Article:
Old Crow waiting to flip the switch on new solar array

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Old Crow waiting to flip the switch on new solar array's Profile


Building a solar farm 127 kilometres north of the Arctic Circle is a challenge; building an array of solar panels on permafrost in a remote community is a small engineering feat.

The Vuntut Gwitchin First Nation in Old Crow, Yukon, is getting ready for phase one of a project that will see solar power running to the community’s grid by the end of the summer. 

ATCO Electric owns the diesel power grid run by diesel generators. It will buy the solar energy, feed it into the power grid, and redistribute it to the community. But the process has taken longer than expected because of the COVID-19 pandemic.

“When it comes to the balancing of the different aspects of the microgrid to the battery, to the whole onset, it will take some time and this is a direct implication of the pandemic outbreak,” said Dana Tizya-Tramm, chief of the Vuntut Gwitchin First Nation.

Tizya-Tramm said the pandemic has limited the number of contractors and experts they can draw on from across Canada and beyond, so they’re going to complete the project over three phases.

A file photo of Dana Tizya-Tramm, chief of the Vuntut Gwitchin First Nation. He says they’re hoping to flip the switch on the solar array next summer. (Meagan Deuling/CBC )

The small community will have to wait for full phase three until next summer, when a Hercules aircraft will deliver the storage batteries.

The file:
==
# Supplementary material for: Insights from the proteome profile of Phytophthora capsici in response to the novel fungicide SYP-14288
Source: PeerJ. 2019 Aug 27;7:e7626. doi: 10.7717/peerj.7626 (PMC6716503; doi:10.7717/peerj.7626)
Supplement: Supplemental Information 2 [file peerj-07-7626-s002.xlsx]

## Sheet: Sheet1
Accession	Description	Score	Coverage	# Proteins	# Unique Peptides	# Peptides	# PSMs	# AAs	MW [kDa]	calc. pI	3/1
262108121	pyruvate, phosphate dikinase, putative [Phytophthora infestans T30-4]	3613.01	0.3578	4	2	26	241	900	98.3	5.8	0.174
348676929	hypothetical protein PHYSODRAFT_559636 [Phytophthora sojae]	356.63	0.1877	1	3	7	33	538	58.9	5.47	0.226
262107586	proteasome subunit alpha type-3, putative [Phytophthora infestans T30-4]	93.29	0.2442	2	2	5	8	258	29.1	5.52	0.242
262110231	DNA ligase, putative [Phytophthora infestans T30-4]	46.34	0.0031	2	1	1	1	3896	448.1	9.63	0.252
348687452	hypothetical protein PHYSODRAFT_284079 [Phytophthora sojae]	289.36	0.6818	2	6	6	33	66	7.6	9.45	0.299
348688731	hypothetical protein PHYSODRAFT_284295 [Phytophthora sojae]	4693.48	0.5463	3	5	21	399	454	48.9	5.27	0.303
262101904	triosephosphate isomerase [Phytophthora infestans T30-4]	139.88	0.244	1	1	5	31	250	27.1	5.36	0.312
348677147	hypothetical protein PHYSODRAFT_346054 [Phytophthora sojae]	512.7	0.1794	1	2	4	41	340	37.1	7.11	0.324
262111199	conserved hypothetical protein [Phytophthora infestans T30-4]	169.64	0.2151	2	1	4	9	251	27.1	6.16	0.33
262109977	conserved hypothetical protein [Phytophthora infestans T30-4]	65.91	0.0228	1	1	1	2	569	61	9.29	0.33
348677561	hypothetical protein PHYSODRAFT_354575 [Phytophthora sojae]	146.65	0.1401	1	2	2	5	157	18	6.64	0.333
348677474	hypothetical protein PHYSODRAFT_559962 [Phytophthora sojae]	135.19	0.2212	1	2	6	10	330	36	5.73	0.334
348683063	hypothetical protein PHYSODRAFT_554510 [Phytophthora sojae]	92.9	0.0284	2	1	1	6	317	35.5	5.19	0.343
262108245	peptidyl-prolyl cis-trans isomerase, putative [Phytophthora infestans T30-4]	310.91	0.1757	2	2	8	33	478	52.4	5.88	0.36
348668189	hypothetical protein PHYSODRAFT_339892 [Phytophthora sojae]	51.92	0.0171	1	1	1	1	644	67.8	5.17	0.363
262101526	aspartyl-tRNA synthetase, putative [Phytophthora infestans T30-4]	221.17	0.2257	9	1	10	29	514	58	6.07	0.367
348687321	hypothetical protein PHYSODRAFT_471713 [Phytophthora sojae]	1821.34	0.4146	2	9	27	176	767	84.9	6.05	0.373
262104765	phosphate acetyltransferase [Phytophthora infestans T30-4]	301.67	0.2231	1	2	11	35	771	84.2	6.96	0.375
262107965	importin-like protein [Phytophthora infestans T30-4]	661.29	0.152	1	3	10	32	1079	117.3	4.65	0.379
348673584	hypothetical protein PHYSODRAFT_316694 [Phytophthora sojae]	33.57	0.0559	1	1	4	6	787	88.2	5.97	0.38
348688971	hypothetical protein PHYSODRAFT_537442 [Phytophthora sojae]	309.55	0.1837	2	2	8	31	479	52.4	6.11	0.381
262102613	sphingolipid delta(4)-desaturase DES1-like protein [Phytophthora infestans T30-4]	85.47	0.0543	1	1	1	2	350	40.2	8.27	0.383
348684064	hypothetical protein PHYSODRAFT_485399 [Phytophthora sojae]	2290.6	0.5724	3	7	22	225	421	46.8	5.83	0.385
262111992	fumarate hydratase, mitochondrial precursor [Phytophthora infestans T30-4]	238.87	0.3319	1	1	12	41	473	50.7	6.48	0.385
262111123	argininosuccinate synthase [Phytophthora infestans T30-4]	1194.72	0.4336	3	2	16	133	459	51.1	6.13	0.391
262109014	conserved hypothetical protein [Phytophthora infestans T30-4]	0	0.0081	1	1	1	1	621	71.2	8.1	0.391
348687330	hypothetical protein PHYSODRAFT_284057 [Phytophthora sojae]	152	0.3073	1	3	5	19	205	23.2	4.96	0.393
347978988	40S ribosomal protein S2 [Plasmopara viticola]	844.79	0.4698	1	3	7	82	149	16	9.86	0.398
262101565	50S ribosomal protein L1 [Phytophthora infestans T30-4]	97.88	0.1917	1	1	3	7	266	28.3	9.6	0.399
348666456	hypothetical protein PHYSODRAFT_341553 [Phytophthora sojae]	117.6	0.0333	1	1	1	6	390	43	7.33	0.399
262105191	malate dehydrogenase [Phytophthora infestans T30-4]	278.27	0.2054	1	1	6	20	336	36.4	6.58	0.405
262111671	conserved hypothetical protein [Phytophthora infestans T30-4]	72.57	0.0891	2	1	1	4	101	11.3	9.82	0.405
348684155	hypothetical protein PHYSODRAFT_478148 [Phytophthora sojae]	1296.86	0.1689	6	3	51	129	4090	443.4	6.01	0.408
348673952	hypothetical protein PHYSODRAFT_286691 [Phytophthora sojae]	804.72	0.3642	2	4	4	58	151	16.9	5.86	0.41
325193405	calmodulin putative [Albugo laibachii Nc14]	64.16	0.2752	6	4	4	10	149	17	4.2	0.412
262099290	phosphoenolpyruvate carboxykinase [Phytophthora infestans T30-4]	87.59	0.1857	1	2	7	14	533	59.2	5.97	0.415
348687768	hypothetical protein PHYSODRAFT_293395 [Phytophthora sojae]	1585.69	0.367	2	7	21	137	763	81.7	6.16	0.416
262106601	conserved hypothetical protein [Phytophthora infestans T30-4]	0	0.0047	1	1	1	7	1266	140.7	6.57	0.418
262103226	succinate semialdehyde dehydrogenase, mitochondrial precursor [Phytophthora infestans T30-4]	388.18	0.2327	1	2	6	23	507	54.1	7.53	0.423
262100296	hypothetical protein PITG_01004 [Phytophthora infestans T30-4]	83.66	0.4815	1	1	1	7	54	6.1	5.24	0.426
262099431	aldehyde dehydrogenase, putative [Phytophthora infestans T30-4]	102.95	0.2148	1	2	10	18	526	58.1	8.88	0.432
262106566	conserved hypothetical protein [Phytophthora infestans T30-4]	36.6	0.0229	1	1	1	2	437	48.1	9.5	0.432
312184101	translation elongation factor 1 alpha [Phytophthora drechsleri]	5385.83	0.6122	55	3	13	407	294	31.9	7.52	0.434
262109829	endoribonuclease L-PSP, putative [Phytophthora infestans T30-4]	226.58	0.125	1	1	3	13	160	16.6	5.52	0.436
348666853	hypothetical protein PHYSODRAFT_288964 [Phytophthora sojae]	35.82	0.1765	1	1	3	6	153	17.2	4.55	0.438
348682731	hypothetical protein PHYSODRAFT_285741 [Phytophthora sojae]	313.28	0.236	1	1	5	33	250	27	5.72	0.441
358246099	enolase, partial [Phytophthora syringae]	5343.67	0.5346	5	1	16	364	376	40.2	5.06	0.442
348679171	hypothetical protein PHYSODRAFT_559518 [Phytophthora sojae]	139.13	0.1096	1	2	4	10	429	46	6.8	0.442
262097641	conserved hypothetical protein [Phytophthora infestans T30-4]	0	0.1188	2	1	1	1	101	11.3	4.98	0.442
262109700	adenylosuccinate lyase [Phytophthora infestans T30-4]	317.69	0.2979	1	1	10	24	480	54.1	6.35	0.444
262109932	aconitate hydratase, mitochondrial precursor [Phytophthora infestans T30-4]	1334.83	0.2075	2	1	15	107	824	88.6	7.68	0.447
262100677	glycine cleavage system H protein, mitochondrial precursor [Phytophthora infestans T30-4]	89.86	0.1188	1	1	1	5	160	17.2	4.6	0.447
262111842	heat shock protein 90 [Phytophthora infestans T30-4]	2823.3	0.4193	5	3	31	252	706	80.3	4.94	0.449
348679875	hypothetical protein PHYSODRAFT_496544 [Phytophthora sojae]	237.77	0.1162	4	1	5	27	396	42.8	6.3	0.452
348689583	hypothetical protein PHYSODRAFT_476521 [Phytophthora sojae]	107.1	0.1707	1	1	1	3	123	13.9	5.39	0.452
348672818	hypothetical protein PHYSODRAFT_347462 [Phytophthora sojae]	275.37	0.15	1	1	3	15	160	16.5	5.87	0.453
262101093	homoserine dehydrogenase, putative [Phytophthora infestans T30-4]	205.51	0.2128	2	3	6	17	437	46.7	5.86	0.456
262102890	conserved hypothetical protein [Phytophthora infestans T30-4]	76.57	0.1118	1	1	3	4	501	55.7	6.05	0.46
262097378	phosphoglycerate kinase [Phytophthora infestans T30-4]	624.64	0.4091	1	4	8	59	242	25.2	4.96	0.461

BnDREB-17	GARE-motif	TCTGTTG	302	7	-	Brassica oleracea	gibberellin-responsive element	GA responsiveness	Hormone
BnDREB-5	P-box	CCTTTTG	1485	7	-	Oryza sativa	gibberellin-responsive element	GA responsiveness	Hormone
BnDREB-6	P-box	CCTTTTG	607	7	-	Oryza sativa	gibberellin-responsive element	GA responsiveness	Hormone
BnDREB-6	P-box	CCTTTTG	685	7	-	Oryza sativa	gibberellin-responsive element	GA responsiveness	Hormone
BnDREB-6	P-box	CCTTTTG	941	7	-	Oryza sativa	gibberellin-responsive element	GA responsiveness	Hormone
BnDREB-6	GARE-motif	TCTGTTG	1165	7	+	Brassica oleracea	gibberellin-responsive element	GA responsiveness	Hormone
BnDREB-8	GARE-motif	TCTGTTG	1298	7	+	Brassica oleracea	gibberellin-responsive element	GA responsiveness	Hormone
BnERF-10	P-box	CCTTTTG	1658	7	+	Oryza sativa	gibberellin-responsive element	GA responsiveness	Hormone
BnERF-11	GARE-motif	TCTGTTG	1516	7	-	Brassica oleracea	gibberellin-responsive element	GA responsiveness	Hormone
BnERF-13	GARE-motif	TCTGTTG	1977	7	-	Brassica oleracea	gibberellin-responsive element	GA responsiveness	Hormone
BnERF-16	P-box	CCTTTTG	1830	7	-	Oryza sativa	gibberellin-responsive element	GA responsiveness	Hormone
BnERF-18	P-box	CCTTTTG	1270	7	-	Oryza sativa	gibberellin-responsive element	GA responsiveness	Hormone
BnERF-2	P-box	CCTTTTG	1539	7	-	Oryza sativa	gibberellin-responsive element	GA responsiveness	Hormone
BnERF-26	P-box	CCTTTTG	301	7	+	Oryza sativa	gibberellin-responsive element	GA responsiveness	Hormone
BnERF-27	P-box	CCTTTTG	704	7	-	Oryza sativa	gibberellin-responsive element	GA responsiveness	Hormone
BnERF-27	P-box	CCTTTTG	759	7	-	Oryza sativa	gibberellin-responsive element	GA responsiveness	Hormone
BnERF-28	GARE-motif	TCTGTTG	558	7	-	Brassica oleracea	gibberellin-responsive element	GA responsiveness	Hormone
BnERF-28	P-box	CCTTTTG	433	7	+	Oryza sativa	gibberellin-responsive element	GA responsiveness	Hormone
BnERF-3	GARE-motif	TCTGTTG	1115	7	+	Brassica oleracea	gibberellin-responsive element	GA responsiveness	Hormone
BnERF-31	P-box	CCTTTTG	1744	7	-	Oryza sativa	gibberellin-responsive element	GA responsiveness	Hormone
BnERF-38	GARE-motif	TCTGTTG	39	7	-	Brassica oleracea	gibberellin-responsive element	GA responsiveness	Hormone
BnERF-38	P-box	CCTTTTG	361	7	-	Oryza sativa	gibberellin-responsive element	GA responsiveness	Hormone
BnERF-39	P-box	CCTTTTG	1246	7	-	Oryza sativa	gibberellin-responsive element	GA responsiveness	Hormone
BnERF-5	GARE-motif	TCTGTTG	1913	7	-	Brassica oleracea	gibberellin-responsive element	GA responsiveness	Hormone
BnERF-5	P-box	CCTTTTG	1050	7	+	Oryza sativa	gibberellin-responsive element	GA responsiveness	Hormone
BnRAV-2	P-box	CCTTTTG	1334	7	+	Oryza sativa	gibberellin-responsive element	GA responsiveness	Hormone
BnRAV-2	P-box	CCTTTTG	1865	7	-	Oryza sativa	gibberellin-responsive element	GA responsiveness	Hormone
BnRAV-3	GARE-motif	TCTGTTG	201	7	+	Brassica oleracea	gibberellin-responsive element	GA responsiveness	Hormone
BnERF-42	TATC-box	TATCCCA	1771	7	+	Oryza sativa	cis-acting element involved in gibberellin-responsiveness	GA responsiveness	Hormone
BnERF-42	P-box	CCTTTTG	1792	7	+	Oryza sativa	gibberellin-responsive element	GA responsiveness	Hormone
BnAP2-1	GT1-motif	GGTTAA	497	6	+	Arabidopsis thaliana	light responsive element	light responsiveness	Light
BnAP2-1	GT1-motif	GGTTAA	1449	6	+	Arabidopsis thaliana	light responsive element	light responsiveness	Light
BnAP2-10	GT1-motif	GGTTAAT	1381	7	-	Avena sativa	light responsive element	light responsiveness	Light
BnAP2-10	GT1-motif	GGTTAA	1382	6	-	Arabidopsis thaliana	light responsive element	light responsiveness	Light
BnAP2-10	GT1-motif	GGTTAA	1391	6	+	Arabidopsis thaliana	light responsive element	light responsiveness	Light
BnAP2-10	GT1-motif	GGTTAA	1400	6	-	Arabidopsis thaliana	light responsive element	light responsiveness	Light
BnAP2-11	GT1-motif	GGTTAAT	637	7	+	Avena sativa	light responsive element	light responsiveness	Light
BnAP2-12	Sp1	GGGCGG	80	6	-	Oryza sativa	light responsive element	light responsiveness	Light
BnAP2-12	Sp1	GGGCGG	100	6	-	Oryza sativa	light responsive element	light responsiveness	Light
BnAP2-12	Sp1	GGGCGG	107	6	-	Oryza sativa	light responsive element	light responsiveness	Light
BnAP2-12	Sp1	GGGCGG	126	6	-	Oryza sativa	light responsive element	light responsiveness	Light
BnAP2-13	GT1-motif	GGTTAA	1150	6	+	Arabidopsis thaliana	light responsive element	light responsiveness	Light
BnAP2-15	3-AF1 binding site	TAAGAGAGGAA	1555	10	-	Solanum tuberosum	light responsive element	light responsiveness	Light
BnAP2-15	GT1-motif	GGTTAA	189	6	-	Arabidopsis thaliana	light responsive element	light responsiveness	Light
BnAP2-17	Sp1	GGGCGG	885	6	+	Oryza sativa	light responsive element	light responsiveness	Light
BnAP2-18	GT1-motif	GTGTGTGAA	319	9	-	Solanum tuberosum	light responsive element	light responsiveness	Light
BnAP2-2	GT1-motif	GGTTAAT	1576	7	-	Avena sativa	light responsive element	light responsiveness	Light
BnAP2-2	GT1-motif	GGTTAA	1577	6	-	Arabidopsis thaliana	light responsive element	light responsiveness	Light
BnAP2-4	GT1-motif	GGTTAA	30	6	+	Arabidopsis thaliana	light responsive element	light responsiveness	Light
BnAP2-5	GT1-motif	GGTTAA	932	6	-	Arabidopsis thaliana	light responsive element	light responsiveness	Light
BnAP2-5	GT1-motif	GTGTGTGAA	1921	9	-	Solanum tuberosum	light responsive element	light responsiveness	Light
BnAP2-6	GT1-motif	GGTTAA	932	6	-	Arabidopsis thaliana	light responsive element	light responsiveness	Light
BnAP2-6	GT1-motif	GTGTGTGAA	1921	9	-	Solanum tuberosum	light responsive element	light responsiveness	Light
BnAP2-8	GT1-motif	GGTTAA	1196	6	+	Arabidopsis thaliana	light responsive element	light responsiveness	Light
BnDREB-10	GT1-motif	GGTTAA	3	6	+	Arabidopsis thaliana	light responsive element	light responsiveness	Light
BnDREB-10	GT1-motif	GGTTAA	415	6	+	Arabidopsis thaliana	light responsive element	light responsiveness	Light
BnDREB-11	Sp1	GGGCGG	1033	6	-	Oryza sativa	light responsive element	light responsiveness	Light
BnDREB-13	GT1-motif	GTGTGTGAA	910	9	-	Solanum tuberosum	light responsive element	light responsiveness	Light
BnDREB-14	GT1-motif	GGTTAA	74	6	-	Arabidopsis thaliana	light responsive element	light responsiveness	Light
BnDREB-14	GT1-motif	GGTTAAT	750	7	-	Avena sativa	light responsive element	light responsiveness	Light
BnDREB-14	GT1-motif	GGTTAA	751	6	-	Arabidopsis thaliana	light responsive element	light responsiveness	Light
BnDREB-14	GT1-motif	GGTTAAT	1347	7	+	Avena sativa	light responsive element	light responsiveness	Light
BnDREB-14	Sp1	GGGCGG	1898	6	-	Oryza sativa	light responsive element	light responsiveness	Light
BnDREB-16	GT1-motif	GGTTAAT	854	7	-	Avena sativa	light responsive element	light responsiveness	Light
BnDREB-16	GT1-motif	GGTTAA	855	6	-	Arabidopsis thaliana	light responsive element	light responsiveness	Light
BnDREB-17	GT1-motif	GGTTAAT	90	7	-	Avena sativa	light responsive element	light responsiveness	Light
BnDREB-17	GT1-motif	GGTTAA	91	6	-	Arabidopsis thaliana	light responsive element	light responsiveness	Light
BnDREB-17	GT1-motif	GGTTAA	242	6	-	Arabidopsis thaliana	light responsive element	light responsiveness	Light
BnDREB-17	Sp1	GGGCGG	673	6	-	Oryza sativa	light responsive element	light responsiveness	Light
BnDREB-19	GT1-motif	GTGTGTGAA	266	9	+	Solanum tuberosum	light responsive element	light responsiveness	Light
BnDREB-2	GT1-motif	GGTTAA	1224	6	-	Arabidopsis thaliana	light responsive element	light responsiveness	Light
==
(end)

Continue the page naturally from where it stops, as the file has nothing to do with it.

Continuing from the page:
“It’s the size of a shipping container full of lithium-ion batteries — several Tesla roadsters worth of batteries,” said Ben Power, vice president and co-founder of Whitehorse-based Solvest Inc., which installed the solar panel array.

When it’s done, the solar panels are expected to reduce the community’s reliance on diesel fuel by 189,000 litres a year, the First Nation said. Tizya-Tramm says once in operation the solar project could save the community as much as a quarter million dollars a year, by not having to use as much diesel fuel.

He says it’s not cheap having to fly-in fuel to the community, which has no outside road system.

The project is jointly funded by several federal programs, the Canadian Northern Economic Agency, and the Yukon Development Corporation.

Adjustable feet for permafrost

The solar panels are configured in an east to west orientation to maximize the long summer days. Permafrost has been a problem since the beginning of the project.

“The movement and heaving with the solar panels project was something we had known about since the onset of the program,” said Tizya-Tramm.

“This project has been engineered with this expectation, as it’s one of the barriers we faced in construction 80 miles north of the Arctic Circle.”

ATCO Electric owns the diesel power grid run by diesel generators. It will buy the solar energy, feed it into the power grid, and redistribute it to the community. (Caleb Charlie)

He says there are height-adjustable feet built into the array with more than two feet of flexibility, and there will be adjustments made every year. 

“Most of the changes and fluctuations in the permafrost are expected at the beginning of the project but it will settle over time.”

The Vuntut Gwitchin First Nation says the solar project will be one of the largest generation projects across the Circumpolar North. 

The First Nation will own and operate the solar project, in a 25-year purchase agreement with ATCO Electric and the Yukon Government. 

Tizya-Tramm says if all goes well, the community will flip the switch next summer to green energy.



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